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Object Name

Evening Dress


Reilly, Kate (Primary maker)
Reilly, Kate ([designer / maker])

Date Made

c. 1895
19th century (late)
c. 1895

Place Made



colour : yellow. design : dress comprises bodice and skirt of yellow silk velvet, bodice c/f opening hidden by gathered overlap with rosette, hook fastenings low round neck held in place by drawstring at c/f.fold over collar of heavily beaded lace which is further trimmrd with silver sequins and imitation moonstones. The outlining beads of the lace are clear. Collar circa 12 cms deep. Very full leg of mutton 3/4 length sleeves with turn back cuffs trimmed with lace as on collar Back of bodice has fabric in overlapping diagonal folds. Folded waistband. Bodice lined with dark cream silk, seven bones at back and sides. The waist tape has stamped gold lettering. Skirt The panelled, trained skirt is plain except for a stiff, very thick piped cord at hem, the fullness of the train is guaged at waist, at c/b and is also held by an inner tape extending from side seam to side seam at the level of lower end of c/b opening, pocket in right side seam. Skirt is fully lined with ice-blue satin, small frill at hem. Waist is edged with piped satin. Satin hanging loops at waist c. 64 cms. During the 1820s and early 1830s, the sleeves grew enormous, balancing the widening skirts. The fashion was exuberant and positive, until the sleeves suddenly reduced in size in 1836, the year before Victoria came to the throne. The early Victorian fashions were much more self effacing. In the 1890s, the sleeves once more grew enormous, again balanced to some extent by gored skirts. In this age of the 'New Woman', beginning to look for more independence and less constraint, the styles had a harder, almost masculine edge. Yellow is a flattering colour in candle light , used in the 1820s and 1830s, and in electric light, becoming more common in the 1890s. In the intervening years, yellow was seldom seen in the evening since gaslight, with its bluish tone made yellow an unflattering greenish tint. From exhibition label early 2000s: Velvet eveing bodice and skirt, 1895 Kate Reilly Because gaslight had a bluish tinge which turned yellow into an unflattering shade, it was not used as a colour for evening dess for most of the ninettenth century. When electric light, which had a warmer tone, came into use, yellow evening wear became very popular. It was almost a status symboll, indicating that one moved in circles which could afford the new form of lighting. The other strong elements of this outfit are the enormous sleeves which reached their maximum size by the mid-1890s. Kate Reilly was one of the best known London 'Court' dressmakers, the equivalent of the Paris couturiers in all but reputation. She also had a business in New York.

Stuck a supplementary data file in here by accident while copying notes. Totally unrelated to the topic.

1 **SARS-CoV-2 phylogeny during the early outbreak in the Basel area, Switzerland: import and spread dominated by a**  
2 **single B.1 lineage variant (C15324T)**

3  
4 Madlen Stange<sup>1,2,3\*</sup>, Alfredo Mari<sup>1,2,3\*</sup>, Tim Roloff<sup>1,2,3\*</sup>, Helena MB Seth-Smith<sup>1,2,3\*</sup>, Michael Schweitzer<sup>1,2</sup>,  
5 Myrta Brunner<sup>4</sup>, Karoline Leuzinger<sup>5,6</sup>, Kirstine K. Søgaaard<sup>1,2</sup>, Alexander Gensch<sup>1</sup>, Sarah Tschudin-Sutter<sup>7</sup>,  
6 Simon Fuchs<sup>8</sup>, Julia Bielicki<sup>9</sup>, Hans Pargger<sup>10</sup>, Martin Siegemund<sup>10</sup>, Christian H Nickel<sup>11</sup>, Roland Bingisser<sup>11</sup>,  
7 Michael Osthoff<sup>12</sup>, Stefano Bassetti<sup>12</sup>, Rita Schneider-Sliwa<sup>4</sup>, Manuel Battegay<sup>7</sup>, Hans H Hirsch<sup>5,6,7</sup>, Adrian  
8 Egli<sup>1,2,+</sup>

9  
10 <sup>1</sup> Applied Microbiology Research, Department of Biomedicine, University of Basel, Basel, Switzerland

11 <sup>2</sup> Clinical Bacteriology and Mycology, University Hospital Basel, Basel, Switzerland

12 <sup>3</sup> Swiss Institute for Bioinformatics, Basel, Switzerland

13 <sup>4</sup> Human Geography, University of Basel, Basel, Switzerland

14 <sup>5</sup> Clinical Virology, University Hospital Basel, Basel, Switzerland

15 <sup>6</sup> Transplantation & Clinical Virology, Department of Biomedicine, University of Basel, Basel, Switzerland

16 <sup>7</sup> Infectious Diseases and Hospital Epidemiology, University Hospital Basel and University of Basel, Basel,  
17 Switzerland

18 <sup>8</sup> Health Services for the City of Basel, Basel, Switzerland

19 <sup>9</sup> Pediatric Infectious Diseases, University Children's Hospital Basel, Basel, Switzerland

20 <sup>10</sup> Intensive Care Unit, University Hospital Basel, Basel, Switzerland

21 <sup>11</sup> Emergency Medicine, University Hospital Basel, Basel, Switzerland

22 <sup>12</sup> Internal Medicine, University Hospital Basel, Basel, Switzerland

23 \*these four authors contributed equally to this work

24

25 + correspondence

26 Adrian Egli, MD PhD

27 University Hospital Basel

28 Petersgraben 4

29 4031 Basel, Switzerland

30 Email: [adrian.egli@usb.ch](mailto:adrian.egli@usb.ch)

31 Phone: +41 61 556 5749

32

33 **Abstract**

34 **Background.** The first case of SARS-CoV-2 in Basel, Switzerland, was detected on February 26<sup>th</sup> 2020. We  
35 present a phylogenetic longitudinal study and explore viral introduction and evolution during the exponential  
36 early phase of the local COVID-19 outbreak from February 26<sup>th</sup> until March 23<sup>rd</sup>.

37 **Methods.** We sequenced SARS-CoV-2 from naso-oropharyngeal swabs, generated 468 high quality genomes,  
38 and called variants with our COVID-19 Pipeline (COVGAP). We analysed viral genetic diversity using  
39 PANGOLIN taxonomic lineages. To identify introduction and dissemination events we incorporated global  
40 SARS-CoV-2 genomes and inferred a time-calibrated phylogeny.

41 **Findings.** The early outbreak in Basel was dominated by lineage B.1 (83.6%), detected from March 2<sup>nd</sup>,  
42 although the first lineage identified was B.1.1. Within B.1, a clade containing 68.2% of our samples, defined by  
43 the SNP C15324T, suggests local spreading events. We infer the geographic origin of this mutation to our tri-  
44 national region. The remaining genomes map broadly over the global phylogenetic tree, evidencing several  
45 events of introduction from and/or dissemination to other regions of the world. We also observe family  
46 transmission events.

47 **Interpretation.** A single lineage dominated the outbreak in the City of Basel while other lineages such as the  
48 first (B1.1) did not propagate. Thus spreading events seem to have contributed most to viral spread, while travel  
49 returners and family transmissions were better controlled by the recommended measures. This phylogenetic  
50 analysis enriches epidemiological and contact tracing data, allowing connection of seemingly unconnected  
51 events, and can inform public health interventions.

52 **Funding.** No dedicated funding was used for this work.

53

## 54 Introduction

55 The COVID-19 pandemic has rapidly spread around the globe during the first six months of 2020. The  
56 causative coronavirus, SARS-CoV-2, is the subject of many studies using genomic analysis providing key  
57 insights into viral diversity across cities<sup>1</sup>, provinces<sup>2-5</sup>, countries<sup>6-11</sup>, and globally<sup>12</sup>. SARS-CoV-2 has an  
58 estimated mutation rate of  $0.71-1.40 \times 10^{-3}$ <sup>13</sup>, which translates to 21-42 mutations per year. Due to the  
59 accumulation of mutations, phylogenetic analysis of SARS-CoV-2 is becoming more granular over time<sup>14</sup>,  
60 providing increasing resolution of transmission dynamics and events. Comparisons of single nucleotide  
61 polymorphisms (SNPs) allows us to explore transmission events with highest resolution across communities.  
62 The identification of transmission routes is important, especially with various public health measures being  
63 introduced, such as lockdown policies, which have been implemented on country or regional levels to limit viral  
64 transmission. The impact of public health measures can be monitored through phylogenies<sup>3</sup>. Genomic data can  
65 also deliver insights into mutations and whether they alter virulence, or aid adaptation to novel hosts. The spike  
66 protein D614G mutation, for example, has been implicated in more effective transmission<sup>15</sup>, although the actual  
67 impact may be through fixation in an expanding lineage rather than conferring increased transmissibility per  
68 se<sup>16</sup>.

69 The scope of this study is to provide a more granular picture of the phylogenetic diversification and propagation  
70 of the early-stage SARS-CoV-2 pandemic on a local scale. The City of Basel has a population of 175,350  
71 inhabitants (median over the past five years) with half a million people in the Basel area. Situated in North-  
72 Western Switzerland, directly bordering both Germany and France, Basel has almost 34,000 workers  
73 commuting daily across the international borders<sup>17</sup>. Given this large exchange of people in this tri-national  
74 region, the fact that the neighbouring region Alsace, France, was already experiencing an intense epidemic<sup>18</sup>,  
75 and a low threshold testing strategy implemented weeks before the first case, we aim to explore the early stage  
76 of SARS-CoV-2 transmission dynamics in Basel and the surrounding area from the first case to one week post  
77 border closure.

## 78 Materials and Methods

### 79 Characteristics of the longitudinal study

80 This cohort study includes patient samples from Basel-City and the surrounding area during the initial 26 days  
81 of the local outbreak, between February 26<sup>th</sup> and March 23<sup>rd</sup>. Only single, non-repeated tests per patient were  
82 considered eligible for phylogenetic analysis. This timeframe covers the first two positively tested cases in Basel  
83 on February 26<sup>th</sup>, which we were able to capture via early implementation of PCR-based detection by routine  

silk, velvet

Catalogue Number



National Museums NI